Think you know all about climate finance? Think you understand what’s at stake in new rules for reporting? Take ECO’s TRUE or FALSE quiz to find out…
Close to 60% of all climate finance in 2017 was in the form of loans -> TRUE
And not only that, loans which amounted to US$39.9 billion in 2017, were mostly counted at full face value, ignoring interest and repayments. New common reporting tables in the Common Tabular Format (CTF) must mark a break from this practice of over-reporting by including a column for the grant equivalent of climate finance alongside its face value.
Only genuine climate action is reported as climate finance -> FALSE
Current rules allow for gross over-estimation of the climate relevance of funds, especially where climate change is one part of a broader project with multiple objectives. At the worst end of the spectrum, some countries (including Japan, Iceland and Greece) are counting the climate component of these projects at 100% of the project budget. New CTF tables must guard against this by including a “climate specific” column, a “full project value” column, and a requirement that parties set out their methodology for calculating these separate amounts.
All parties agree the Common Tabular Format should be common -> FALSE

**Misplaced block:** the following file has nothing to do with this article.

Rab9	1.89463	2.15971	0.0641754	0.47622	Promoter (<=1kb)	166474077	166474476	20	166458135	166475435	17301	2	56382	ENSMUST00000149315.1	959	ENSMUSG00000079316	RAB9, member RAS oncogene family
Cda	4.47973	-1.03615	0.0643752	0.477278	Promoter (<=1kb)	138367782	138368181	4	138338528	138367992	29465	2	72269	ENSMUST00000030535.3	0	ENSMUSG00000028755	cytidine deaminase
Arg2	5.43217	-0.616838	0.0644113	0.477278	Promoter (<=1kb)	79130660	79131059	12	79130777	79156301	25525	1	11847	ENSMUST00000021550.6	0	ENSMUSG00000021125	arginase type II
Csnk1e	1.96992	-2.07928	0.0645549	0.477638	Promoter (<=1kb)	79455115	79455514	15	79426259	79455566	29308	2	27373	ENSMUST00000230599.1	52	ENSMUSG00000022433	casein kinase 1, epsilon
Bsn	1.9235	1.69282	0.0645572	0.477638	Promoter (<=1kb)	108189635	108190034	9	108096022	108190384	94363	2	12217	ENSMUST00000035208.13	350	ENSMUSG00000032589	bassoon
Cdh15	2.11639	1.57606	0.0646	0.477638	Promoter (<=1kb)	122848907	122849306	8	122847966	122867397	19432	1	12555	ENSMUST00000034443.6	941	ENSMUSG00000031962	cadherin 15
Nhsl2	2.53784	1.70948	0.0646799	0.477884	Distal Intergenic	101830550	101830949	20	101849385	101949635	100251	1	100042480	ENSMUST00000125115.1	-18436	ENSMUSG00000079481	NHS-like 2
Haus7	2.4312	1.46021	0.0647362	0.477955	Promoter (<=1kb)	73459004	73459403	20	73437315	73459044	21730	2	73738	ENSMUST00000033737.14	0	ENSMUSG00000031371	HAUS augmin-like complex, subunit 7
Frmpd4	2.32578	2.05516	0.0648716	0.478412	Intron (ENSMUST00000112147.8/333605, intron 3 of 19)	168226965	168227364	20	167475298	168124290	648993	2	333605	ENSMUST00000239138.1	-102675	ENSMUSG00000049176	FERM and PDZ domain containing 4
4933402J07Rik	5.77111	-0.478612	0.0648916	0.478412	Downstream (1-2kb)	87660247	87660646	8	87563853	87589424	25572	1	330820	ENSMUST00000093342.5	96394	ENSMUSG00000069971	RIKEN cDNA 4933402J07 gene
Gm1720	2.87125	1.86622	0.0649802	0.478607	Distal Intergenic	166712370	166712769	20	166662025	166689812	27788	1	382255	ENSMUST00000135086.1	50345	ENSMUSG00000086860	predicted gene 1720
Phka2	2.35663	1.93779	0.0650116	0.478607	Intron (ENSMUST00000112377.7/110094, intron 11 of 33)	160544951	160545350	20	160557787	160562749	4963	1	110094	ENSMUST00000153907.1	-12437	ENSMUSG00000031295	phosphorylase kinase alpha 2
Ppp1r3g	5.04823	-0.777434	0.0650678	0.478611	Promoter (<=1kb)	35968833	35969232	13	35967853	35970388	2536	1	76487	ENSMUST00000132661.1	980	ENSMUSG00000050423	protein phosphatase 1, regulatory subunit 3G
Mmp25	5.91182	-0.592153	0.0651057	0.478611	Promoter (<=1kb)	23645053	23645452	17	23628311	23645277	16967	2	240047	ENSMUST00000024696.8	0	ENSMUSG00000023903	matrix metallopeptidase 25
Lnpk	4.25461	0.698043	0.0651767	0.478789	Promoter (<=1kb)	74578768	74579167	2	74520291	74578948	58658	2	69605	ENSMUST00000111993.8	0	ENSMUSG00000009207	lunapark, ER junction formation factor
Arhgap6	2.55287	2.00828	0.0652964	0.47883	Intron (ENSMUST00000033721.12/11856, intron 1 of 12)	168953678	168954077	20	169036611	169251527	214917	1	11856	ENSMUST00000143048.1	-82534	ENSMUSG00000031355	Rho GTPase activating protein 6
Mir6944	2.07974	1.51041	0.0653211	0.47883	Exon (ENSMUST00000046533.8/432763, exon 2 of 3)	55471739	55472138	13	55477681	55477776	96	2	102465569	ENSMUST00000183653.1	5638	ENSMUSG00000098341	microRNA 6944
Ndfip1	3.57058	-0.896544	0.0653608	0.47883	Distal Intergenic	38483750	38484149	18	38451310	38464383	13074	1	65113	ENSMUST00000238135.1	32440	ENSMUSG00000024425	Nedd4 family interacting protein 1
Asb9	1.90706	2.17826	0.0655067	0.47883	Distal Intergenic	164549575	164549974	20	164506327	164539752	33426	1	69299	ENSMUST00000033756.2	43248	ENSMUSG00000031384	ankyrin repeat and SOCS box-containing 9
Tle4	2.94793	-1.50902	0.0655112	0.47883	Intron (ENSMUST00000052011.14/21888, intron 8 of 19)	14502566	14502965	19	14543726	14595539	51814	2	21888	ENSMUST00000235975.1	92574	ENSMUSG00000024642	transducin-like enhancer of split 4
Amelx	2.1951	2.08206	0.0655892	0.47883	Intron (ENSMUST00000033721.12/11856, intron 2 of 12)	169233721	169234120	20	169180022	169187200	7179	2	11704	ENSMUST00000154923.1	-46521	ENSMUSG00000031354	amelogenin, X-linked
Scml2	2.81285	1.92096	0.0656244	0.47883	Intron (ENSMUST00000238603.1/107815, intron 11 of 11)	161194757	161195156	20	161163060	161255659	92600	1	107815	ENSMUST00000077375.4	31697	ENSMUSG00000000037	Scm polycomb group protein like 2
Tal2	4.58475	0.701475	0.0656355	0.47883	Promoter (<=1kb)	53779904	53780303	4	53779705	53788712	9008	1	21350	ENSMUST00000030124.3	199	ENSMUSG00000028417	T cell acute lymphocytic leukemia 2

ECO is scratching its head as to why some are proposing parties be allowed to delete columns and amend tables to suit their own reporting preferences. ECO disagrees this should be allowed — the clue is in the name, Common Tabular Format.
Lending at a profit can currently be reported as climate finance -> TRUE
For real. A third of all bilateral climate finance loans were non-concessional, as were 70% of multilateral climate finance loans in 2016-17. There is currently nothing to stop market rate loans and no requirement to report the terms of loans provided.
Public finance can be used to support private profit in the name of climate finance -> TRUE
Private investments in what will be or already are profitable sectors such as renewable energy or water management may be portrayed as ‘mobilised support’ in the CTF. At COP24, in Katowice, it was agreed that developed countries would “identify a clear causal link between a public intervention and mobilized private finance”, but are we going to be able to verify that project by project on the basis of numbers in an Excel sheet?